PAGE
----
ISPs under Govt tapping pressure
- 27 August, 2003 12:01
Australia's Internet service and carriage providers are staring down the barrel of stiff legislative requirements to provide law enforcement, intelligence agencies and other authorised bodies with the capability to intercept IP traffic for lawful purposes, delegates at the Hack 2003 IT security conference have been told.
While telephone tapping is nothing new, Umar Goldeli, founder of carrier interception technology firm, Universal Defence, told the audience that authorities, carriers and ISPs ultimately had to come to terms with what lawful IP interception "actually involves at the coalface."
A significant issue understood to be facing authorities is that in order to obtain useable 'product', data streams must be intercepted as close to the source as possible. That effectively means going into ISPs small and large to gain access to traffic.
"The closer you are to the entry point to the network, the higher the quality of the data intercepted," Goldeli said. "Almost anything can happen between ISP 'A' and carrier 'B' - like inter-customer traffic, multiple upstreams and asymmetric routing. Half of your (target) traffic might go out through carrier A and come back through carrier B.
"That's not uncommon, but it is very difficult to coordinate (an intercept ordered by a warrant), because it's taking a completely different path and that means if you only get one side, you miss half of the communication. You have to be able to pull it off closer to the source."
While telcos are predictably silent on such issues and argue they never discuss any operational security matters, a senior source at a tier-one network and communications supplier familiar with interception issues confirmed that demand for IP interception from the government is indeed growing.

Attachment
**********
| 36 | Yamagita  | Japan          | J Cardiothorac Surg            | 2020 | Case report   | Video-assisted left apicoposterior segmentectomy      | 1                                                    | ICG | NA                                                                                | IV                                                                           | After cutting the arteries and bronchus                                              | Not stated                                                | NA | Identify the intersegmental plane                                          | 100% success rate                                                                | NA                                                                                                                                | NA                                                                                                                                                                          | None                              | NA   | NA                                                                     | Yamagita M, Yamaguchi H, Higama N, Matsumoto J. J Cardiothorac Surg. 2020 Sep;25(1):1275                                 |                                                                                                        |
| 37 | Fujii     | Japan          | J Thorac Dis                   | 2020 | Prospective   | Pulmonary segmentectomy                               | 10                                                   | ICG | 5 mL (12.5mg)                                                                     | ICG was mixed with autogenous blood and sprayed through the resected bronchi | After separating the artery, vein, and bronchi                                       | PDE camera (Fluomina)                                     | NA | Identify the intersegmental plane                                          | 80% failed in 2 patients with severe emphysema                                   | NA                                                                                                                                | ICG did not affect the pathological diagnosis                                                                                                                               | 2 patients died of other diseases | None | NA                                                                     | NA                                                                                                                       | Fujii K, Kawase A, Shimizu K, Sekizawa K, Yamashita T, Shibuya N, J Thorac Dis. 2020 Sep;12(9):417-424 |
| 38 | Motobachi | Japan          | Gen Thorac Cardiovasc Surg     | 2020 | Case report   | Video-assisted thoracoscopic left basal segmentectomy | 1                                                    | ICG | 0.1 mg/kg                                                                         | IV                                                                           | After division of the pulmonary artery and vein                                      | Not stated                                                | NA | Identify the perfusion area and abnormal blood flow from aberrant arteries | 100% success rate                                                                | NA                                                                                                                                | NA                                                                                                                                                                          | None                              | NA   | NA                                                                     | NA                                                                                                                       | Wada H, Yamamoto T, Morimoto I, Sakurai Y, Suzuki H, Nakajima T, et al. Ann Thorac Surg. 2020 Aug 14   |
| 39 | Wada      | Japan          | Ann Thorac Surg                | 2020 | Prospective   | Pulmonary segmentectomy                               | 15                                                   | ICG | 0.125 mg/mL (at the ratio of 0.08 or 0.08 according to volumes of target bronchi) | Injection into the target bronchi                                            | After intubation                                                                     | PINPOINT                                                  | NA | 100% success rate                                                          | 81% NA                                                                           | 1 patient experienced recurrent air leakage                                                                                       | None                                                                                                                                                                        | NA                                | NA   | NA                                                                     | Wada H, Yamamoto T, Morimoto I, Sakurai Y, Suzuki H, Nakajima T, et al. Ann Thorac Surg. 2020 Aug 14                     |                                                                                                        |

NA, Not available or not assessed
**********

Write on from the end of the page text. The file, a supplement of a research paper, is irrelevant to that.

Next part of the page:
"The pressure is definitely on since S11 (to provide IP intercept capability)," said the source, who agreed to comment on condition of anonymity. "There's a lot going on. With data and wireless it's a lot more complicated than voice, so people who do voice now have to look at those capabilities. A lot of our customers, large and medium size, who would previously do the bare minimum are looking at (their IP intercept capabilities). They are getting a lot more pressure to acquiesce."
Goldeli argued that a point of difference on the local landscape was that Australian authorities required carriers or ISPs to self-fund any capital investment for government interception requirements, a situation that about 700 smaller ISP were probably yet to grapple with.
"As more communications move to IP, so will the requirements for monitoring at a similar rate. A substantial proportion of criminals and persons or organizations of interest now use IP through ISPs and that will grow because there is a perception that the Internet is anonymous," Goldeli said. "These requirements are law - if you don't or can't comply you can be shut down by the Australian Communications Authority."